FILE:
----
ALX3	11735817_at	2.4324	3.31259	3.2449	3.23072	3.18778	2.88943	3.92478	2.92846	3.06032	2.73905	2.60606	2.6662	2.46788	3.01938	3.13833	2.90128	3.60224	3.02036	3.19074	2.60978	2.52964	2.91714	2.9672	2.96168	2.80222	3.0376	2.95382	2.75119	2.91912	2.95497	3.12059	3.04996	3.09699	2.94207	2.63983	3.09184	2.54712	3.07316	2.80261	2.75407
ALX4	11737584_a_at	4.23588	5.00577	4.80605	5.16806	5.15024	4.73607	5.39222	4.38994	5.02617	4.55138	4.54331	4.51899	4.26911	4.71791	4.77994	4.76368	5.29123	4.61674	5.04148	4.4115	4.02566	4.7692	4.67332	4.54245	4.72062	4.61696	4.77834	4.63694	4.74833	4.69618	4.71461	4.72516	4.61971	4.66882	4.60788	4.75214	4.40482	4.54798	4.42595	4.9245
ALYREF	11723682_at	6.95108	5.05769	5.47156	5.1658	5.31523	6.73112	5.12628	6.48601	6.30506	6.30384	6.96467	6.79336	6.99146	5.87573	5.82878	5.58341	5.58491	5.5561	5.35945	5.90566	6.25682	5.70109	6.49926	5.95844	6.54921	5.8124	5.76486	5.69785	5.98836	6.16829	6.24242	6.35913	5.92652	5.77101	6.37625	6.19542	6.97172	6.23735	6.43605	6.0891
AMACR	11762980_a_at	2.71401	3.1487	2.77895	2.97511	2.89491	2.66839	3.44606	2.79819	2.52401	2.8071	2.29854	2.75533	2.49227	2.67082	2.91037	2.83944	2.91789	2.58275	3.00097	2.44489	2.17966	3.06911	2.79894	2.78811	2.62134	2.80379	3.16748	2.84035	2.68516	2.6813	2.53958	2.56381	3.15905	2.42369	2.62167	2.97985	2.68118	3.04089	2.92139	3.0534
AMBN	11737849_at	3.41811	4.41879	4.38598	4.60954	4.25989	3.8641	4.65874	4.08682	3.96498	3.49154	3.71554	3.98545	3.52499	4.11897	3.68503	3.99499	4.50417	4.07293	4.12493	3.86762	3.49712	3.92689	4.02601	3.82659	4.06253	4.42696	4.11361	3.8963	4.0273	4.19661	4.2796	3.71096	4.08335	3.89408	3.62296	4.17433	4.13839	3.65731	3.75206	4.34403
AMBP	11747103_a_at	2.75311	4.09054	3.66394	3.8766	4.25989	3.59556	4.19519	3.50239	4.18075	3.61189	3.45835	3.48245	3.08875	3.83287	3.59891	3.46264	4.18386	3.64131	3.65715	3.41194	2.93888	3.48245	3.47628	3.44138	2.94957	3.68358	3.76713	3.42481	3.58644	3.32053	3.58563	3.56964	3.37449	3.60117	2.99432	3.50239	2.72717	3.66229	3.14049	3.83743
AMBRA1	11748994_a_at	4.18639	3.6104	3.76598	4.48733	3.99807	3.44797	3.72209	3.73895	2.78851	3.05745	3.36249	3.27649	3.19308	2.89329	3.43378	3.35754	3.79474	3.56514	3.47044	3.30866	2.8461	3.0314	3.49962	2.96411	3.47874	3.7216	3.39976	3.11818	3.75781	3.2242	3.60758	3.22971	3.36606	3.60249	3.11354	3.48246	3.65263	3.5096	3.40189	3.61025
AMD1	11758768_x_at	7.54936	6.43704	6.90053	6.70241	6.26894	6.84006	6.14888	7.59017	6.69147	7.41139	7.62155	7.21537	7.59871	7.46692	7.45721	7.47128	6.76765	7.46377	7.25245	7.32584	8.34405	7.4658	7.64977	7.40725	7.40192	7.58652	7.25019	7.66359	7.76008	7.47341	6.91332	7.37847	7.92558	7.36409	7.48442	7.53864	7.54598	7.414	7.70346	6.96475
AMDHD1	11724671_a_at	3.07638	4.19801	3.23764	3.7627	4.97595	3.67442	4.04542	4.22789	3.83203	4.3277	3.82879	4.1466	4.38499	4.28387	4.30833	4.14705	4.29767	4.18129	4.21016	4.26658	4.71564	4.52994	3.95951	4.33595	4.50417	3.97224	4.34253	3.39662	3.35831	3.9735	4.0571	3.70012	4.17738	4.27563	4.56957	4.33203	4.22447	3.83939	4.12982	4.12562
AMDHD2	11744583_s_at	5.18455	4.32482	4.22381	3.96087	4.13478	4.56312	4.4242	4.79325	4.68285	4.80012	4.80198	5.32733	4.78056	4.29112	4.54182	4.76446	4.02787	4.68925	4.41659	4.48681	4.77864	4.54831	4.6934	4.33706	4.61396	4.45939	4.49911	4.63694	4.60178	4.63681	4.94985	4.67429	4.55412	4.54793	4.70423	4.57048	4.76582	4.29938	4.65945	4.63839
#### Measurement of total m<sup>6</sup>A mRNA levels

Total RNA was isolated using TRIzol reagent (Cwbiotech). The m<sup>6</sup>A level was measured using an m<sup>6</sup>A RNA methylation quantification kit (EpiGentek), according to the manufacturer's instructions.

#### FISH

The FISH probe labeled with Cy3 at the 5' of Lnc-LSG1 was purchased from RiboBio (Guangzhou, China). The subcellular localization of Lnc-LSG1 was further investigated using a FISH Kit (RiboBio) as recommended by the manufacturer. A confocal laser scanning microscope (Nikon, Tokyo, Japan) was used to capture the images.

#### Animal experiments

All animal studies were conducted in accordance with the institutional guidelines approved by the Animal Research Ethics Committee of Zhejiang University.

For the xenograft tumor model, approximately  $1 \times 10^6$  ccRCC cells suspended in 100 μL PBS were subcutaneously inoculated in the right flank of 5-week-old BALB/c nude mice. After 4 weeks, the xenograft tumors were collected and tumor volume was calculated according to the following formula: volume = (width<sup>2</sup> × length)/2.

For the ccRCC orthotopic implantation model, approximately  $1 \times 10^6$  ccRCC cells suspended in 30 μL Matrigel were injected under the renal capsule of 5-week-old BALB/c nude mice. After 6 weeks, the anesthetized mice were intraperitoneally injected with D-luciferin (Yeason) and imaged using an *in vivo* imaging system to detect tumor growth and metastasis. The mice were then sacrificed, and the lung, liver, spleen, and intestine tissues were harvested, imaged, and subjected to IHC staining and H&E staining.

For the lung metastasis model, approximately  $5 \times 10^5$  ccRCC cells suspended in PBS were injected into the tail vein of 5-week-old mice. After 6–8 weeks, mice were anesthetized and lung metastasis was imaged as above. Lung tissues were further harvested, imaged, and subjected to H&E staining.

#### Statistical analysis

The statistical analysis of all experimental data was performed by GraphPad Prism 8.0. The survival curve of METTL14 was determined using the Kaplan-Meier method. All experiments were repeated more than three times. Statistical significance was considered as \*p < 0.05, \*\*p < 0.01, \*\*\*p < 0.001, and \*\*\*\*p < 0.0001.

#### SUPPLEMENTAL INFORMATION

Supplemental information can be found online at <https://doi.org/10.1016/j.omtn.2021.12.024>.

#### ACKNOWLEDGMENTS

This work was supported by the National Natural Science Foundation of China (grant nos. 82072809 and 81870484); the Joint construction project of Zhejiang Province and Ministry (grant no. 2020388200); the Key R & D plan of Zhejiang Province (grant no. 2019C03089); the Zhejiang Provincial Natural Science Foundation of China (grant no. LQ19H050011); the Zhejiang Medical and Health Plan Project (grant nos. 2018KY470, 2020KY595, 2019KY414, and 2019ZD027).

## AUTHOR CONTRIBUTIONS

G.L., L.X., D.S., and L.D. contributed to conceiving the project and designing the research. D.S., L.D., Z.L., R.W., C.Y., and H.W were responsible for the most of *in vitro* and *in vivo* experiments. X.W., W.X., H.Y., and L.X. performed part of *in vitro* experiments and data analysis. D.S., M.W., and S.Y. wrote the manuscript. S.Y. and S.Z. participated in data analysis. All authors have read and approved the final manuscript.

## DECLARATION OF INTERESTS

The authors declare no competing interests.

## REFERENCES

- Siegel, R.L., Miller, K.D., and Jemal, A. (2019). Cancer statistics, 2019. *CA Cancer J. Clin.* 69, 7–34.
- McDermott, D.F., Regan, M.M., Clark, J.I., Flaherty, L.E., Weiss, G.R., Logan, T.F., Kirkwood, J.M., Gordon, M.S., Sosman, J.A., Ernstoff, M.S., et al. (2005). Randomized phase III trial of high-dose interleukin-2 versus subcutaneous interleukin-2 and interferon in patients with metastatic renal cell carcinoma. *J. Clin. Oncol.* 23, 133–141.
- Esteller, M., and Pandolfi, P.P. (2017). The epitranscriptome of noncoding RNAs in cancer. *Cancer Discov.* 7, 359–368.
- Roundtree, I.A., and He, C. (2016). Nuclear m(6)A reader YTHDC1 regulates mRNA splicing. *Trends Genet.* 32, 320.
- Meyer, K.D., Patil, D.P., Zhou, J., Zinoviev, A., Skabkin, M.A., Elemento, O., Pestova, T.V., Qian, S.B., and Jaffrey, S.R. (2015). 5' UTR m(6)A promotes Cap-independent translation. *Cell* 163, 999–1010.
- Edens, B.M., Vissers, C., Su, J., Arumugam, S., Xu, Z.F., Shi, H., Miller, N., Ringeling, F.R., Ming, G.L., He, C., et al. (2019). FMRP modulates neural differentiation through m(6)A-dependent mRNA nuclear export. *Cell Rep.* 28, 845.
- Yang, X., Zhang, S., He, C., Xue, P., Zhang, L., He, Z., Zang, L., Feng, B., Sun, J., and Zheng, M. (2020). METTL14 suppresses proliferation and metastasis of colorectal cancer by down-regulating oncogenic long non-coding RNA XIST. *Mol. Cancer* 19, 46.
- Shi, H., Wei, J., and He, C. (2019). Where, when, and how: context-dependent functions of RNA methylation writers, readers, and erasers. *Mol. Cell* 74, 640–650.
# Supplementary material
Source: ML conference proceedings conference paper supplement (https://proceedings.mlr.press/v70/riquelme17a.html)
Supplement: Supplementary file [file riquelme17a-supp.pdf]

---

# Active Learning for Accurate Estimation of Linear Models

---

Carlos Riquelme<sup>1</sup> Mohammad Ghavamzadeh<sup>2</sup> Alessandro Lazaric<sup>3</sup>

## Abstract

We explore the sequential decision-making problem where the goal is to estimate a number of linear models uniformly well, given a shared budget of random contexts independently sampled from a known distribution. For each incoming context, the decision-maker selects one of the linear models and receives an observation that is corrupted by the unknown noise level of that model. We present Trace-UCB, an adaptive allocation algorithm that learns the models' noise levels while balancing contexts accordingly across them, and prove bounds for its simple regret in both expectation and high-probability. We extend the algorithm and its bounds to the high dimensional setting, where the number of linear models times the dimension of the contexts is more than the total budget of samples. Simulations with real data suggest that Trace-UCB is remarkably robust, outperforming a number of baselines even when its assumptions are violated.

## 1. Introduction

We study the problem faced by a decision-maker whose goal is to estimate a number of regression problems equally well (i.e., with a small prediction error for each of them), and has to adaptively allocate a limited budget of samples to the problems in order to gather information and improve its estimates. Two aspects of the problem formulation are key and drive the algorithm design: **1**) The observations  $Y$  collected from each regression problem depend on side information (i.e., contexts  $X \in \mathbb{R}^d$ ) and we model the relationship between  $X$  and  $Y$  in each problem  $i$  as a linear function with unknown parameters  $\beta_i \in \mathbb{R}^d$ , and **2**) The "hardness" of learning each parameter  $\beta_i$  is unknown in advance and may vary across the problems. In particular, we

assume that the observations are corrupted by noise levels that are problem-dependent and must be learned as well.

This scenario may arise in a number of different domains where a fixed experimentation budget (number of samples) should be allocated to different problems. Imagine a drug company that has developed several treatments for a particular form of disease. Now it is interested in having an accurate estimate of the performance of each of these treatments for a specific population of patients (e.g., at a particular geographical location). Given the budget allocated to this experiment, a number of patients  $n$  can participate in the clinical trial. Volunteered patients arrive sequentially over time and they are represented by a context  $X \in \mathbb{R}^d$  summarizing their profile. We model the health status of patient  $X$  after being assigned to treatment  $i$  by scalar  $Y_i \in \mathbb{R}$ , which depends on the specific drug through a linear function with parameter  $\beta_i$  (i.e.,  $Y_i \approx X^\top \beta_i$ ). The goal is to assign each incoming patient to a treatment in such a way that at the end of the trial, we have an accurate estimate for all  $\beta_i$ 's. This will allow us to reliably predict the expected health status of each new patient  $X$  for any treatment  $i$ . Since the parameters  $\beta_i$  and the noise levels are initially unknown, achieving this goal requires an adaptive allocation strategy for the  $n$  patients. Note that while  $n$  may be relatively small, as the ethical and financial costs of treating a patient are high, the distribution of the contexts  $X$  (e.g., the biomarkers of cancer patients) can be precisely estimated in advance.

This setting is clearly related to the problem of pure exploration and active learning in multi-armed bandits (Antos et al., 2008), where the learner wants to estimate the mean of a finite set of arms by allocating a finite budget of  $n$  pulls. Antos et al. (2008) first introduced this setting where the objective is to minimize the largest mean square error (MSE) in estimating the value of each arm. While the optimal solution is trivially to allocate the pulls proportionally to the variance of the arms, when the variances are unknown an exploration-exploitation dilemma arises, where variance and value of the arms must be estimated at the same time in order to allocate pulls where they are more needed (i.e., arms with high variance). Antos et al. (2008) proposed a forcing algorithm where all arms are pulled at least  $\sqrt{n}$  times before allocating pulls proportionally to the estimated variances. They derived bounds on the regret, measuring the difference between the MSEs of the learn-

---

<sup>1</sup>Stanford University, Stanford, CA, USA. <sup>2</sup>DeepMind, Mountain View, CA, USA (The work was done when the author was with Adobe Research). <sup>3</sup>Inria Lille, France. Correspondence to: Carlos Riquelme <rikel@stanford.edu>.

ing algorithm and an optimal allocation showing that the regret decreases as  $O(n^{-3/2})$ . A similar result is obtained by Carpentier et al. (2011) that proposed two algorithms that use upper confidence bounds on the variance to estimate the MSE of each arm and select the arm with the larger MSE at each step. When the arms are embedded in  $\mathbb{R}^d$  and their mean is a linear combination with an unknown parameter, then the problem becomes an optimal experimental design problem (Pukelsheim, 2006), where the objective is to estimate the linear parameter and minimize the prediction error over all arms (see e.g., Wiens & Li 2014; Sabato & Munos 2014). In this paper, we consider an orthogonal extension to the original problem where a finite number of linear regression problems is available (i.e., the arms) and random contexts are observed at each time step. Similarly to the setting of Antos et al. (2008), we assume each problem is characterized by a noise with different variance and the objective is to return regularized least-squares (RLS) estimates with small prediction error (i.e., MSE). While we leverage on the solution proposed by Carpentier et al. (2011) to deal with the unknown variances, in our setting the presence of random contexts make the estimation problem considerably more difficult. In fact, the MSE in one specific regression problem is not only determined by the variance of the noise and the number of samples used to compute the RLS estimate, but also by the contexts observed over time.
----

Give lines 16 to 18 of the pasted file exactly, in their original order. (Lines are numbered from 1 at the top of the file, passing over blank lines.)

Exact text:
All animal studies were conducted in accordance with the institutional guidelines approved by the Animal Research Ethics Committee of Zhejiang University.

For the xenograft tumor model, approximately  $1 \times 10^6$  ccRCC cells suspended in 100 μL PBS were subcutaneously inoculated in the right flank of 5-week-old BALB/c nude mice. After 4 weeks, the xenograft tumors were collected and tumor volume was calculated according to the following formula: volume = (width<sup>2</sup> × length)/2.

For the ccRCC orthotopic implantation model, approximately  $1 \times 10^6$  ccRCC cells suspended in 30 μL Matrigel were injected under the renal capsule of 5-week-old BALB/c nude mice. After 6 weeks, the anesthetized mice were intraperitoneally injected with D-luciferin (Yeason) and imaged using an *in vivo* imaging system to detect tumor growth and metastasis. The mice were then sacrificed, and the lung, liver, spleen, and intestine tissues were harvested, imaged, and subjected to IHC staining and H&E staining.